Had a chimney guy in last week to inspect the mini-rancho’s fireplace before we use it. He picked up Bar’s cannonball from the hearth, hefted it and asked if it was real. When I said yes, it’s real, he set it down gently.
I said it was Confederate from an old fort in South Austin before there was a South Austin. He said (coincidentally, what are the odds?) he grew up in Pennsylvania and his school classes spent time each year at the Gettysburg battlefield park. Said he had a friend coming down soon and he’d sure like to show him a real civil war fort.
I said the old fort, just earthen berms really with field piece (cannon) revetments cut into them, was near Ben White and South Congress. Somewhere on the northwest corner. All gone now, of course, buried under commercial development. But they can look at it and imagine how it was.
UPDATE: From the Austin Chronicle, July 4, 2003: “‘Archeological and Archival Investigations at Fort Magruder, a Civil War Period Fortification in Austin, Travis County, Texas,’ published by the Texas Department of Transportation, is by far the most comprehensive history of the fort or, more accurately, construction site. ‘The fortifications of Fort Magruder for all practical purpose never got off the ground, and to date no documented evidence has surfaced that Fort Magruder was ever garrisoned by troops for the military threat to Austin never materialized,’ the report said.”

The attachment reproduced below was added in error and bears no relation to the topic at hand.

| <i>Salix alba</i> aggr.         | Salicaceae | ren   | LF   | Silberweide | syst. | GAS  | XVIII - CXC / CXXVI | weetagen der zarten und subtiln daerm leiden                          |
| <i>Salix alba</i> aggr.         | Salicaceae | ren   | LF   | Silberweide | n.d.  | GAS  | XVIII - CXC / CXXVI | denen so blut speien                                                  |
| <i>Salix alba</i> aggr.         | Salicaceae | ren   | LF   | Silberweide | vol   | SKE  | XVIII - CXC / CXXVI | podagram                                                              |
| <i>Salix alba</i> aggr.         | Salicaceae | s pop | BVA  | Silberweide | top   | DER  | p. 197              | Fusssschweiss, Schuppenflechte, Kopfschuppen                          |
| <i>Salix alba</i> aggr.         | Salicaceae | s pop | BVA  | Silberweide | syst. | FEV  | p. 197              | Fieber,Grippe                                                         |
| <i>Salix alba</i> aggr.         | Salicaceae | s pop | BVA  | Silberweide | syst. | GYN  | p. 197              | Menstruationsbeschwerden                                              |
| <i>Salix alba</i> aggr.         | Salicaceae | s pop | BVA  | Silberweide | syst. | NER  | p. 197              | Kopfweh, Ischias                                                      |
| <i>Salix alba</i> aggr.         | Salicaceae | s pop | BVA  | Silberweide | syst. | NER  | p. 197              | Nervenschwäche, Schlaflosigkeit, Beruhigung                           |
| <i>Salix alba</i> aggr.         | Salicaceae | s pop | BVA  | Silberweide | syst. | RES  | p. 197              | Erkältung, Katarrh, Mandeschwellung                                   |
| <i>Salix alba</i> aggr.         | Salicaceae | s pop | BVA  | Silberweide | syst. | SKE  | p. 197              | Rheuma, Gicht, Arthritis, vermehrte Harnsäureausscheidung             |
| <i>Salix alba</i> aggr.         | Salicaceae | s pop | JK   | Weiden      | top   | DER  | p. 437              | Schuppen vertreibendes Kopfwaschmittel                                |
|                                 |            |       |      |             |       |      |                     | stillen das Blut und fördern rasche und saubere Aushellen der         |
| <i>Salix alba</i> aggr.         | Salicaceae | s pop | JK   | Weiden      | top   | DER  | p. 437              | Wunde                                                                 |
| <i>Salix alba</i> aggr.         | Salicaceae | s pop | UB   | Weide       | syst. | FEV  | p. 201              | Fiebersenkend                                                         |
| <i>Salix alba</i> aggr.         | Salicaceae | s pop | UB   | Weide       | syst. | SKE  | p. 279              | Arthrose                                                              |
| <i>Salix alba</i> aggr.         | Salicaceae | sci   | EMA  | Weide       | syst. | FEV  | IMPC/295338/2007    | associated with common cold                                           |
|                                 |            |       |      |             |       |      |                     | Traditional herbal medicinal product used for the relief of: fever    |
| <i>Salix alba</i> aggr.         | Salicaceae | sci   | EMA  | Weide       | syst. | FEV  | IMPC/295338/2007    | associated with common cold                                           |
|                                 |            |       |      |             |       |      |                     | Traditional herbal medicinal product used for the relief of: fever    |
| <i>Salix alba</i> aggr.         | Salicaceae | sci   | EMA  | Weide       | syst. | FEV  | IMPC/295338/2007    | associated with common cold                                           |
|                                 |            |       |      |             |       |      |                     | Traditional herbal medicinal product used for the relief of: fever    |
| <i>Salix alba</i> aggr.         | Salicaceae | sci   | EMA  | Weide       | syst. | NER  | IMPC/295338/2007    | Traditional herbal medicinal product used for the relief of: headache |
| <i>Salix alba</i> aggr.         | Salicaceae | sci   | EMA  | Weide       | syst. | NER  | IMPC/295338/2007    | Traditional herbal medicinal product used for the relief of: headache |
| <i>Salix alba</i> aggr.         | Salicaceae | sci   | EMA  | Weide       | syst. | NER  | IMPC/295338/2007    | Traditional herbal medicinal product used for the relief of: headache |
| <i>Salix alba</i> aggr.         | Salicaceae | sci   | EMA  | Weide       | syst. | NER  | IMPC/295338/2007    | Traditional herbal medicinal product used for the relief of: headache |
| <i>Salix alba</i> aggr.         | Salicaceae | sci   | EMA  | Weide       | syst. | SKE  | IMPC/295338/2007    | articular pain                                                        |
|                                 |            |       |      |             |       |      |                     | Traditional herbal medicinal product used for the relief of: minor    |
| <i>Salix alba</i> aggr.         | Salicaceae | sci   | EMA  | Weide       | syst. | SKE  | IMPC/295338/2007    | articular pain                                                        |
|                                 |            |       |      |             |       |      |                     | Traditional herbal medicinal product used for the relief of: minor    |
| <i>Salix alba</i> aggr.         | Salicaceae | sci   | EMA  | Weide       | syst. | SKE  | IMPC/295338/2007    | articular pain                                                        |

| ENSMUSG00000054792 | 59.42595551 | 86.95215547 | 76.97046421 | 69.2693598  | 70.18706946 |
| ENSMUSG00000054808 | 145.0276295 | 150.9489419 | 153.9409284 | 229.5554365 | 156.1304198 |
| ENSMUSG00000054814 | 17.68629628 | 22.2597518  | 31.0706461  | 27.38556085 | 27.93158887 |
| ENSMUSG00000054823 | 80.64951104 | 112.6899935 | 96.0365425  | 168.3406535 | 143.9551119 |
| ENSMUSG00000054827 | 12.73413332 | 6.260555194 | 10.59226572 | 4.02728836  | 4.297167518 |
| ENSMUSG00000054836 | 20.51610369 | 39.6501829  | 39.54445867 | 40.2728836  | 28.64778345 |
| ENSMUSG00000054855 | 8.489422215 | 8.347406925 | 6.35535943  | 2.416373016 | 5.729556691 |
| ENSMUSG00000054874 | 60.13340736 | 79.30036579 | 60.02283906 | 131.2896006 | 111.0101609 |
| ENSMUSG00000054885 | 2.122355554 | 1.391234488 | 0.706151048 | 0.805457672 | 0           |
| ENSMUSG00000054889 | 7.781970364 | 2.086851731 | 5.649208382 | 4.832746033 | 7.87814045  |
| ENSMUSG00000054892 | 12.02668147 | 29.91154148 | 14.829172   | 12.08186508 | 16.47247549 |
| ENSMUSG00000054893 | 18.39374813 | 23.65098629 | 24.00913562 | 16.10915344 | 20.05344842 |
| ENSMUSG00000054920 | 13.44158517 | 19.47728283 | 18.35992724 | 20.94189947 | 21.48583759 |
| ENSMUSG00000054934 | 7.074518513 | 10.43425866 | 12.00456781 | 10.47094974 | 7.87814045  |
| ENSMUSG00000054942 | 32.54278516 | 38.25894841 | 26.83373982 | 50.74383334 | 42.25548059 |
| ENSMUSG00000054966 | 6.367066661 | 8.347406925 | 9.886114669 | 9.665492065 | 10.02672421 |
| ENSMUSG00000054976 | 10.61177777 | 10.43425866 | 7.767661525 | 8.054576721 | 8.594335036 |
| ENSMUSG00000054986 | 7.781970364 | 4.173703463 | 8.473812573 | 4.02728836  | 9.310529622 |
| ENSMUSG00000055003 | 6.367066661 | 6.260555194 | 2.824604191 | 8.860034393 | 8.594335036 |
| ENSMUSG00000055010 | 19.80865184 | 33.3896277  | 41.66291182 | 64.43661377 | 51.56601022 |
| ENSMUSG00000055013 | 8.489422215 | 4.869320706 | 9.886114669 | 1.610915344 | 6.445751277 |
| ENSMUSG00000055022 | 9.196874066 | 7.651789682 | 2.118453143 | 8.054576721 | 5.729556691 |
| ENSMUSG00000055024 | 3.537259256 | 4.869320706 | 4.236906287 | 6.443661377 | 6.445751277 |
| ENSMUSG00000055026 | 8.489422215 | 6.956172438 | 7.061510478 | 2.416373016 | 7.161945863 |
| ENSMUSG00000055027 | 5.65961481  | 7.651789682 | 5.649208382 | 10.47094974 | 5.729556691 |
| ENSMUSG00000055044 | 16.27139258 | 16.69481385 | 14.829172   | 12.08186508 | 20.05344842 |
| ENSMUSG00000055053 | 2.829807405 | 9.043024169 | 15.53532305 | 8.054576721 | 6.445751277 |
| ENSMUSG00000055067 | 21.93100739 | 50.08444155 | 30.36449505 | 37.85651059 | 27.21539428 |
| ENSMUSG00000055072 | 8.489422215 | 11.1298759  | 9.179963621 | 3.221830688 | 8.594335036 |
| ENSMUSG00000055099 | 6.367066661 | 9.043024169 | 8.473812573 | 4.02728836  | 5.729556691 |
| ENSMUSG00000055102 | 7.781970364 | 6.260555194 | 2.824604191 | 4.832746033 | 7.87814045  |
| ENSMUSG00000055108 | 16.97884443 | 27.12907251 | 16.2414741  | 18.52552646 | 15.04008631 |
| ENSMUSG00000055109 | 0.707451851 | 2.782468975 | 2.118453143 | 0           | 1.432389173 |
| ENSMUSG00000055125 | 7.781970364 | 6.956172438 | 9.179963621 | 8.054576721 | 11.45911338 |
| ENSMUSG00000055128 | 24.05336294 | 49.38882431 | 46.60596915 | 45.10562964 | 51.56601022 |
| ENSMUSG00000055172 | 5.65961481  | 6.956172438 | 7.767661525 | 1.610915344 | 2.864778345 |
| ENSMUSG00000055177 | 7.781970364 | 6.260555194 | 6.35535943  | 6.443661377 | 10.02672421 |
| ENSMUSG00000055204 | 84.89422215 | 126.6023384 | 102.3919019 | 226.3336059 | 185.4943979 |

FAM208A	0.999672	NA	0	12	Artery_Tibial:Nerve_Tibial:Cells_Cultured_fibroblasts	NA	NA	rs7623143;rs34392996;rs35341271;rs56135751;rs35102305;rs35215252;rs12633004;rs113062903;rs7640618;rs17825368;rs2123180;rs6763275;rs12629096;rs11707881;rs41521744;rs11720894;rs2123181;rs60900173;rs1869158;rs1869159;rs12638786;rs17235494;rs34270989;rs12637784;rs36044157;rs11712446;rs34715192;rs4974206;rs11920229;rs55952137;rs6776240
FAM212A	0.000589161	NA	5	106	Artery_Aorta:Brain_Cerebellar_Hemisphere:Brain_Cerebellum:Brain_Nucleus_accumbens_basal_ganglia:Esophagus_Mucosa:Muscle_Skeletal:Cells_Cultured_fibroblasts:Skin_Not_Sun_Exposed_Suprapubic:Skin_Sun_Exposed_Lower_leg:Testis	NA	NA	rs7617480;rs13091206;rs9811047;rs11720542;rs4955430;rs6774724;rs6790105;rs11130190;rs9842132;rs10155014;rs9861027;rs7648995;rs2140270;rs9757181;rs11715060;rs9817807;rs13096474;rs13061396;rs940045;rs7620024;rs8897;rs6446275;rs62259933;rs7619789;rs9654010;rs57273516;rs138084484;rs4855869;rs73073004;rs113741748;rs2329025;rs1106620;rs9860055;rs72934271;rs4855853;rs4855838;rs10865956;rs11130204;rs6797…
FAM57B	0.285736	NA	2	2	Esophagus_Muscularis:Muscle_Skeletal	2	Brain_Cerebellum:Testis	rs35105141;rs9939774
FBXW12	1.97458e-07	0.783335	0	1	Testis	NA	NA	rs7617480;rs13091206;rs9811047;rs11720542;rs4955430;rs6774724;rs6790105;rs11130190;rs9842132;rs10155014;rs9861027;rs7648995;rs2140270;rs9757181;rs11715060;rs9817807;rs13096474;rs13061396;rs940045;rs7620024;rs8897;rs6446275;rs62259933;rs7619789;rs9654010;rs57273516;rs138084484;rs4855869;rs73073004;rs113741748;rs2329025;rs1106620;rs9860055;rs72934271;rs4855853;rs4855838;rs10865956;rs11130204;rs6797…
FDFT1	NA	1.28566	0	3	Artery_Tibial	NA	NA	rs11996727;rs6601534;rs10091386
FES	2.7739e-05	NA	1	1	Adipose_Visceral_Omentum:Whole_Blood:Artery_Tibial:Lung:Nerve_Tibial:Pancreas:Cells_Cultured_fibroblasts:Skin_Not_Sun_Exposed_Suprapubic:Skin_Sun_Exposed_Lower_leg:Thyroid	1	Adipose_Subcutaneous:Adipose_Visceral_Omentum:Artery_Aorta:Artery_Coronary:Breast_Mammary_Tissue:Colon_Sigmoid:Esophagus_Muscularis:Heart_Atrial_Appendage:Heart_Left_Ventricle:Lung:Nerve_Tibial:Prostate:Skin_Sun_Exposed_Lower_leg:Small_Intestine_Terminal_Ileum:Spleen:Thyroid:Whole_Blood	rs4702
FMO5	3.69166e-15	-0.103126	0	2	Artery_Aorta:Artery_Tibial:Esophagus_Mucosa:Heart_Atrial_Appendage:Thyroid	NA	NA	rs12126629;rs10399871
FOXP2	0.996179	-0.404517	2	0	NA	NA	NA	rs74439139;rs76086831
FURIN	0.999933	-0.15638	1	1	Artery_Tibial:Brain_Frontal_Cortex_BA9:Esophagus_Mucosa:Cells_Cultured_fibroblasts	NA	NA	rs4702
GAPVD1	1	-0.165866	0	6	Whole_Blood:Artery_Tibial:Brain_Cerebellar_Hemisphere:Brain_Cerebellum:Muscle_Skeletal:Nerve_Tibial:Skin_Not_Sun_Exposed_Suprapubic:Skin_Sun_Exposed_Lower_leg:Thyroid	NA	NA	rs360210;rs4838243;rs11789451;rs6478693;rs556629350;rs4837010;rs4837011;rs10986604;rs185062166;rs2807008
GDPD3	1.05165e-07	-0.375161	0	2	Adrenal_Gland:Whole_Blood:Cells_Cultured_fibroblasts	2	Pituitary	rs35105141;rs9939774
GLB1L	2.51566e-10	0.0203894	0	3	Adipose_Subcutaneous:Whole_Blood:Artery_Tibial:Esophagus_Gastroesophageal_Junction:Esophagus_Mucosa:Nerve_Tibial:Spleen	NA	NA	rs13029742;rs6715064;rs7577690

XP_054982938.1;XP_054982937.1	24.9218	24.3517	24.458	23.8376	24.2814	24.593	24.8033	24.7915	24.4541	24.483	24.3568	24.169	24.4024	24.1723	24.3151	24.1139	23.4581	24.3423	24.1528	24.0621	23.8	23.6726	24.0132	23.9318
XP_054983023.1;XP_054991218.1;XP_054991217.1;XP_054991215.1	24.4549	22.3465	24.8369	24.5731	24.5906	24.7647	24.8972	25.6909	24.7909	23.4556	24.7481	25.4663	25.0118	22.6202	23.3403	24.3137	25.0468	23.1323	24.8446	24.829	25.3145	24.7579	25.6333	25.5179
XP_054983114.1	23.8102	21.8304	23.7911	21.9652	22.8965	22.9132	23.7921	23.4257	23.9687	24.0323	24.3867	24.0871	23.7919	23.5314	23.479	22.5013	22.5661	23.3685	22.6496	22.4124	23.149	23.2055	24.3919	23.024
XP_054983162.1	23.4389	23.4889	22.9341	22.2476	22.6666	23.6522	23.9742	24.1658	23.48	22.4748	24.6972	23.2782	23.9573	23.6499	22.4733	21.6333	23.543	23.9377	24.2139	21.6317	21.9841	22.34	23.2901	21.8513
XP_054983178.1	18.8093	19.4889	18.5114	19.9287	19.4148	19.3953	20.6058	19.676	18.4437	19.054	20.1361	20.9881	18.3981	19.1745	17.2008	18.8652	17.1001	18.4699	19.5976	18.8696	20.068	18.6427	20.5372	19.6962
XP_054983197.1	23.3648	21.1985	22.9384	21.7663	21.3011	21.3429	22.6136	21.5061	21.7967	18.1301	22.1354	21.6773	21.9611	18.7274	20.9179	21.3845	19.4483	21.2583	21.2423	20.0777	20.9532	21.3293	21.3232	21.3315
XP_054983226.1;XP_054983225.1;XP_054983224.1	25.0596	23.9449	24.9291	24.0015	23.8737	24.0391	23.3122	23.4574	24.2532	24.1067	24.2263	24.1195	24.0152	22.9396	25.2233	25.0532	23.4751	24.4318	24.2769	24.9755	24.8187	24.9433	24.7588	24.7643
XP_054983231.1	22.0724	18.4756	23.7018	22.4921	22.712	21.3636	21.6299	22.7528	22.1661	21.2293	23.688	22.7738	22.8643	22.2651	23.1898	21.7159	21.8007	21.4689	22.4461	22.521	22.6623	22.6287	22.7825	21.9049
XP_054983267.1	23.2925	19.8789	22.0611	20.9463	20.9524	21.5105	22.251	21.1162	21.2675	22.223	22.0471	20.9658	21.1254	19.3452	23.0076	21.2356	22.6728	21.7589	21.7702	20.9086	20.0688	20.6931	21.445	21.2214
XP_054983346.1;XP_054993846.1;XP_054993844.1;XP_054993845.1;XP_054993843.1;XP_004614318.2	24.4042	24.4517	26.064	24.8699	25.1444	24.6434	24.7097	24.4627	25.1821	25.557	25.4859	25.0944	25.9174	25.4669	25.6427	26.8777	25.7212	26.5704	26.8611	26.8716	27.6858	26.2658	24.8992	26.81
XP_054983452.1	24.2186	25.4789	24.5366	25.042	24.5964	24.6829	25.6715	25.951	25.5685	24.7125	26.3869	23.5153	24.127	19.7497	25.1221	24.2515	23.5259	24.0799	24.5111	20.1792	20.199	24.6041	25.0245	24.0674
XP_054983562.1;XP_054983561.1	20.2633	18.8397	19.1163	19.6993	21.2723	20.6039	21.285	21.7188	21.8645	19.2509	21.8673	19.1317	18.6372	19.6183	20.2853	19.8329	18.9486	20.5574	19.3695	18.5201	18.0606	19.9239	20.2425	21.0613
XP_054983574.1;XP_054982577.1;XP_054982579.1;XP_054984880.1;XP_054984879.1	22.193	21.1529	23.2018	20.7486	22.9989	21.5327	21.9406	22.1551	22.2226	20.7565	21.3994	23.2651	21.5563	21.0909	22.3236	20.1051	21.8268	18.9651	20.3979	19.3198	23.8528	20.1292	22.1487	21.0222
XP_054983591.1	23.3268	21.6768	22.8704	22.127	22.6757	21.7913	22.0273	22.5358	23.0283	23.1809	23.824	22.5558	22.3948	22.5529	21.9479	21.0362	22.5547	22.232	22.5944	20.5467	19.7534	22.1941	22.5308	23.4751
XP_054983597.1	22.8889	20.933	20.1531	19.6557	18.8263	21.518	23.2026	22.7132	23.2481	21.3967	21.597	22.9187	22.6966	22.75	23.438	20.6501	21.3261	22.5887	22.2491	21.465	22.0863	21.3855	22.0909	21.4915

The Sneed mansion in somewhat better days, i.e. 1936. Today it’s just a South Austin ruin surrounded by development. Even Wikipedia gets its history wrong, neglecting to mention that ol’ Sebron sr. was a Confederate provost marshal whose home was the rallying point for captured deserters and other evaders of the draft, and that the attic was used as a ballroom for parties and dances. Some of Sebron’s 21 slaves are nearby in a neglected cemetery that should be some sort of SJW monument to them and their plight but isn’t.
Just a historical marker two blocks south of the military crest of the ridge. I posted this on the novel’s Web site as well. Will post it here also to give the novel site a little boost. It is not yet attracting as many hits as the 13th MS one, which is understandable I suppose. The MS brigade was famous and still is among the war’s buffs. Fort Sanders was, at best, obscure. Forgotten is even more accurate. That was my gamble novelizing it, but also my opportunity.
This Civil War unit, part of Wheeler’s Cavalry, plays a role in “Knoxville 1863.”
ACW reenactors are an interesting bunch, most often portraying Rebels. Their story is perhaps best told here–despite the author’s ignorance of history and regrettable air of liberal Yankee embarrassment. (It’s said that in Germany, where reenacting also is popular, you have to be Union for two years before you can be a Rebel. Elsewise they’d have no Union reenactors.)
But, wherever they are found, I dislike the Rebel reenactor’s usual odor of unreality. (See above.) Their clothes are too uniform and almost never patched or ragged, much less dirty. Their cap boxes and other accoutrements are too shiny. Moreover, their hair is too short and too clean and their beards (when they have them at all) aren’t scraggly. And, whoa, get this, they all are well shod. T’ain’t realistic t’ all.
UPDATE: Playing at being Confederates is one thing. Playing at being Union Colored Troops is quite another. The latter are little known and therefore of immense educational value to anyone, whether interested in the war or not.
Here’s irony. As we approach the Sesquicentennial of the Civil War, 2011-2015: Unconditional Surrender Grant is still buried in Grant’s tomb, as the old joke has it, in New York City.
But his correspondence and other papers have journeyed from Southern Illinois University to Mississippi State University. At least State has now put them on the Web for the benefit of researchers everywhere. But still. Gen. Grant to the Rebs? Oh my.